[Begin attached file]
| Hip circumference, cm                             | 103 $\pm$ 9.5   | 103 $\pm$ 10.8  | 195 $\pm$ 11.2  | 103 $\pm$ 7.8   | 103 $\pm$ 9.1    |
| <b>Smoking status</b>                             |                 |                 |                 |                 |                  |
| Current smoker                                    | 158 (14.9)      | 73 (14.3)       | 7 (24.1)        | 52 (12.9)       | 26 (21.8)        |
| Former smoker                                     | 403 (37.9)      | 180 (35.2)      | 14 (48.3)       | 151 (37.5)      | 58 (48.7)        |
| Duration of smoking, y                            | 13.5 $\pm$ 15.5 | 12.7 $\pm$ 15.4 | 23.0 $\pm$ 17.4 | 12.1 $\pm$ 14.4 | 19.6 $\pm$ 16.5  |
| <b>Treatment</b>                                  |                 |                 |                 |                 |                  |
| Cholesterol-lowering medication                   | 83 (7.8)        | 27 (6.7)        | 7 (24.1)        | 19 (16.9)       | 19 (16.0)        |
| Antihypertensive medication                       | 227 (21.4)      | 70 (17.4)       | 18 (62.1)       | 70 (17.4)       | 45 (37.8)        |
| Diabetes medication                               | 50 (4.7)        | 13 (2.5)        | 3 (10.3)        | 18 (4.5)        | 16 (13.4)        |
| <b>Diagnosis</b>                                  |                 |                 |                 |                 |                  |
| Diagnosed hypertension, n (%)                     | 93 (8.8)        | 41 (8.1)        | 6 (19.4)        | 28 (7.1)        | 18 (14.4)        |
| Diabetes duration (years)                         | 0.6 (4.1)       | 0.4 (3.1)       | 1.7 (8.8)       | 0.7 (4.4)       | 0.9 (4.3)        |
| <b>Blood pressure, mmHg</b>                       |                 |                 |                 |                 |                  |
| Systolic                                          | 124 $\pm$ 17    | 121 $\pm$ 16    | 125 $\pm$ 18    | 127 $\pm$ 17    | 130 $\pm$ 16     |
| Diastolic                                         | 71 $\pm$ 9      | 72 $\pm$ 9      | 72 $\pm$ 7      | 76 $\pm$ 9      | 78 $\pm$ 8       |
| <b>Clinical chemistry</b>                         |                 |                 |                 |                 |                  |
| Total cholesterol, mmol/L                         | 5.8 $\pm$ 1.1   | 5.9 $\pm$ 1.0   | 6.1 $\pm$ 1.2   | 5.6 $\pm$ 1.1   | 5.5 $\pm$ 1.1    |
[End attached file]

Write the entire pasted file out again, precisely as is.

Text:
| Hip circumference, cm                             | 103 $\pm$ 9.5   | 103 $\pm$ 10.8  | 195 $\pm$ 11.2  | 103 $\pm$ 7.8   | 103 $\pm$ 9.1    |
| <b>Smoking status</b>                             |                 |                 |                 |                 |                  |
| Current smoker                                    | 158 (14.9)      | 73 (14.3)       | 7 (24.1)        | 52 (12.9)       | 26 (21.8)        |
| Former smoker                                     | 403 (37.9)      | 180 (35.2)      | 14 (48.3)       | 151 (37.5)      | 58 (48.7)        |
| Duration of smoking, y                            | 13.5 $\pm$ 15.5 | 12.7 $\pm$ 15.4 | 23.0 $\pm$ 17.4 | 12.1 $\pm$ 14.4 | 19.6 $\pm$ 16.5  |
| <b>Treatment</b>                                  |                 |                 |                 |                 |                  |
| Cholesterol-lowering medication                   | 83 (7.8)        | 27 (6.7)        | 7 (24.1)        | 19 (16.9)       | 19 (16.0)        |
| Antihypertensive medication                       | 227 (21.4)      | 70 (17.4)       | 18 (62.1)       | 70 (17.4)       | 45 (37.8)        |
| Diabetes medication                               | 50 (4.7)        | 13 (2.5)        | 3 (10.3)        | 18 (4.5)        | 16 (13.4)        |
| <b>Diagnosis</b>                                  |                 |                 |                 |                 |                  |
| Diagnosed hypertension, n (%)                     | 93 (8.8)        | 41 (8.1)        | 6 (19.4)        | 28 (7.1)        | 18 (14.4)        |
| Diabetes duration (years)                         | 0.6 (4.1)       | 0.4 (3.1)       | 1.7 (8.8)       | 0.7 (4.4)       | 0.9 (4.3)        |
| <b>Blood pressure, mmHg</b>                       |                 |                 |                 |                 |                  |
| Systolic                                          | 124 $\pm$ 17    | 121 $\pm$ 16    | 125 $\pm$ 18    | 127 $\pm$ 17    | 130 $\pm$ 16     |
| Diastolic                                         | 71 $\pm$ 9      | 72 $\pm$ 9      | 72 $\pm$ 7      | 76 $\pm$ 9      | 78 $\pm$ 8       |
| <b>Clinical chemistry</b>                         |                 |                 |                 |                 |                  |
| Total cholesterol, mmol/L                         | 5.8 $\pm$ 1.1   | 5.9 $\pm$ 1.0   | 6.1 $\pm$ 1.2   | 5.6 $\pm$ 1.1   | 5.5 $\pm$ 1.1    |